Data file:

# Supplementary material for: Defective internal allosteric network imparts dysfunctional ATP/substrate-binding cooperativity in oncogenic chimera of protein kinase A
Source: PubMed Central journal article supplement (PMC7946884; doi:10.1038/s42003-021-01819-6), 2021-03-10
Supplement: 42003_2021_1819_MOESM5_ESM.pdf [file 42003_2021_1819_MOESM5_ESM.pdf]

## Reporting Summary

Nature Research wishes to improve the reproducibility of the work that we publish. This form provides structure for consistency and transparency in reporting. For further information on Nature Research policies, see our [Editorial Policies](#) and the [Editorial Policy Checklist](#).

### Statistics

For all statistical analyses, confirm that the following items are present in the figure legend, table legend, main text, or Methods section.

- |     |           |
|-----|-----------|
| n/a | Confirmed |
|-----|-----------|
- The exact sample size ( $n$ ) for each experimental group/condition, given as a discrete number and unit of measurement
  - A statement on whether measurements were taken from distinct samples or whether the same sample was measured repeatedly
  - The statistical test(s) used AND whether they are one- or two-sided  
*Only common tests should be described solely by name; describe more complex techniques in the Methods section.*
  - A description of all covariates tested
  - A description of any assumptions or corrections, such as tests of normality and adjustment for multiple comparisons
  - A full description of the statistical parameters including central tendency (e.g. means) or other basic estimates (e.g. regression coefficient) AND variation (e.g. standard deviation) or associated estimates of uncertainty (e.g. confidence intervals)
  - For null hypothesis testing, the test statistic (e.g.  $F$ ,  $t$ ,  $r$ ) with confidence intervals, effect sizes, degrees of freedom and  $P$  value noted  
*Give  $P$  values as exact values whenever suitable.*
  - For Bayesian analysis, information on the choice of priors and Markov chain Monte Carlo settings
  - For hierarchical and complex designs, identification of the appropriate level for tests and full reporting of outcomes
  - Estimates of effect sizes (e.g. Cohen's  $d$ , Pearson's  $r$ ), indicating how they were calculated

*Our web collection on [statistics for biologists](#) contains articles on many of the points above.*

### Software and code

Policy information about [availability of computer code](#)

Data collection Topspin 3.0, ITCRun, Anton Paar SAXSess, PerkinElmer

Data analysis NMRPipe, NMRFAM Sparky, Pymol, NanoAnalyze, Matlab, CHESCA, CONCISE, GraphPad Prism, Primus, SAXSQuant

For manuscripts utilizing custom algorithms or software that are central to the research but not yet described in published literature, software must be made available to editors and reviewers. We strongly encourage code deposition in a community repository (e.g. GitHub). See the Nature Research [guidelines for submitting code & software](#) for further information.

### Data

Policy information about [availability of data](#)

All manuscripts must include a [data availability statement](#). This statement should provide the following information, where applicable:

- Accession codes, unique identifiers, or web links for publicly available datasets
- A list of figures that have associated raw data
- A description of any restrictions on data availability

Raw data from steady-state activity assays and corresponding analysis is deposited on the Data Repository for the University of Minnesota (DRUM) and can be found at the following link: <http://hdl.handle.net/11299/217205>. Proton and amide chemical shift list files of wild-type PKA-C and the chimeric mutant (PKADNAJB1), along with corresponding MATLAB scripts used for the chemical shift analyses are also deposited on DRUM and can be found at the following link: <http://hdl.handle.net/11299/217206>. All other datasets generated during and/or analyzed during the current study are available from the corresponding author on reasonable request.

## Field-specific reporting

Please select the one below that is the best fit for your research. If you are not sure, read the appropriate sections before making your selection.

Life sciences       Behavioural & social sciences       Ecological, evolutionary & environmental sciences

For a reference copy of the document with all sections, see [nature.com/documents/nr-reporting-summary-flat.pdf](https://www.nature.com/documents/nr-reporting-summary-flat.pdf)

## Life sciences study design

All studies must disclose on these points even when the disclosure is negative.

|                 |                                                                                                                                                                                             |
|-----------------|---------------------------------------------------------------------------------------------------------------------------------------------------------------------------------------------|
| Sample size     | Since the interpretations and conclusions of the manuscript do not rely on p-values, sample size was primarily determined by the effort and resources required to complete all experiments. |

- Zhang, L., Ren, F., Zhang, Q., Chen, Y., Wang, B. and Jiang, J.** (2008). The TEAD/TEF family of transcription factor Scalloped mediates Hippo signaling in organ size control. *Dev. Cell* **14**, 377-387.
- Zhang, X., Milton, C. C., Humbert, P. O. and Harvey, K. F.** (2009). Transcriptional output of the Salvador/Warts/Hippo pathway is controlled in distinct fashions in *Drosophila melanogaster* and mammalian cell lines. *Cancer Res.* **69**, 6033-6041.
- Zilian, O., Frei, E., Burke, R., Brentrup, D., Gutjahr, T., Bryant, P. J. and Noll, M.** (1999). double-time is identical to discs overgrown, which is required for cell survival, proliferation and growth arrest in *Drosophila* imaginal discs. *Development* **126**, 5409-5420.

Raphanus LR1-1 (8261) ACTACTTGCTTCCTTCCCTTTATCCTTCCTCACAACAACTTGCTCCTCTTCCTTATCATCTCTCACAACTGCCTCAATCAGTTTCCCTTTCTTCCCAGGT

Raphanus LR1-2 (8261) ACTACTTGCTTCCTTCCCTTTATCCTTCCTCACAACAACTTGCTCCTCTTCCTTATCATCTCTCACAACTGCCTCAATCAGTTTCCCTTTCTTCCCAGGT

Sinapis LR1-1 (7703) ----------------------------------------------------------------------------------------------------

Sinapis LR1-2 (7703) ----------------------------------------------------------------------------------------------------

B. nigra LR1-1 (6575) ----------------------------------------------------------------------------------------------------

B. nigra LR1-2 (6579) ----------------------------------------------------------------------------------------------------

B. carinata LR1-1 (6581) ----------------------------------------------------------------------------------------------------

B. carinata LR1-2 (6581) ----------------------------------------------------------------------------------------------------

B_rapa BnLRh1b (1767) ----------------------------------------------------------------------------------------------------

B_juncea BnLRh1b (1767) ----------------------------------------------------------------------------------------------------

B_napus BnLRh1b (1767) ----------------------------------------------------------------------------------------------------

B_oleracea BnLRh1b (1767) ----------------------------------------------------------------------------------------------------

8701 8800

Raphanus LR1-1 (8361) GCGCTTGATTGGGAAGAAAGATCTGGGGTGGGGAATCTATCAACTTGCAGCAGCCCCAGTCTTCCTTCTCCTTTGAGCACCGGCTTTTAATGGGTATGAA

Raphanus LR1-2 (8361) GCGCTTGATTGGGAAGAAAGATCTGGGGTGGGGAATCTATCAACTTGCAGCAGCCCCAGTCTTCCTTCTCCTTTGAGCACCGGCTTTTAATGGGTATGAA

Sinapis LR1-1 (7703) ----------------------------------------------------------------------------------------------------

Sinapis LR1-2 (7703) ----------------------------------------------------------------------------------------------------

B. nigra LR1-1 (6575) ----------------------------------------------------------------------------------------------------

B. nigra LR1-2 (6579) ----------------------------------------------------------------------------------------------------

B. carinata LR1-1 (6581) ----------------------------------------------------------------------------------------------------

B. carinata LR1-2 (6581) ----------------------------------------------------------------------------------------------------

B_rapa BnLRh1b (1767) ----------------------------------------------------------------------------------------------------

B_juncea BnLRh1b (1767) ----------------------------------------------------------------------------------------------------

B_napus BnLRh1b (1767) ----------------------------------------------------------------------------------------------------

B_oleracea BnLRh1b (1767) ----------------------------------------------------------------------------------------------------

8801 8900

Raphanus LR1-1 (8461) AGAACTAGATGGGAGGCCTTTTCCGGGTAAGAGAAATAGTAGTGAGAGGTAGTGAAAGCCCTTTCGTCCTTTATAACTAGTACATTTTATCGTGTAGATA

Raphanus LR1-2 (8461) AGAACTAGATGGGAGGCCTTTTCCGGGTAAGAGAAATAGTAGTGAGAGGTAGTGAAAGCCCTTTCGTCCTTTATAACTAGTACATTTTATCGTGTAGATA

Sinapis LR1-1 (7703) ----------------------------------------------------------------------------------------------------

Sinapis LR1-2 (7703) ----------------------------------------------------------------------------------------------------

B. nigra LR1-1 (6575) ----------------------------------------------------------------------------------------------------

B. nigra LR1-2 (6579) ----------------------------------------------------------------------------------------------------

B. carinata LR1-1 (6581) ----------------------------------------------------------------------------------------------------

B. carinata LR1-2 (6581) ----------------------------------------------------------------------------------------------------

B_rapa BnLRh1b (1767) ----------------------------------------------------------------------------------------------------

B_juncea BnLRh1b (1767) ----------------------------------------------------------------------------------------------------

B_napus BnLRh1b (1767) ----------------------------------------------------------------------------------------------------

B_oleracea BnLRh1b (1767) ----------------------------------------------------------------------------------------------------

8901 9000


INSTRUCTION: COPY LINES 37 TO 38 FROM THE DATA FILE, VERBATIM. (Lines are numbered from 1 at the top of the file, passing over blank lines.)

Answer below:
## Field-specific reporting

Please select the one below that is the best fit for your research. If you are not sure, read the appropriate sections before making your selection.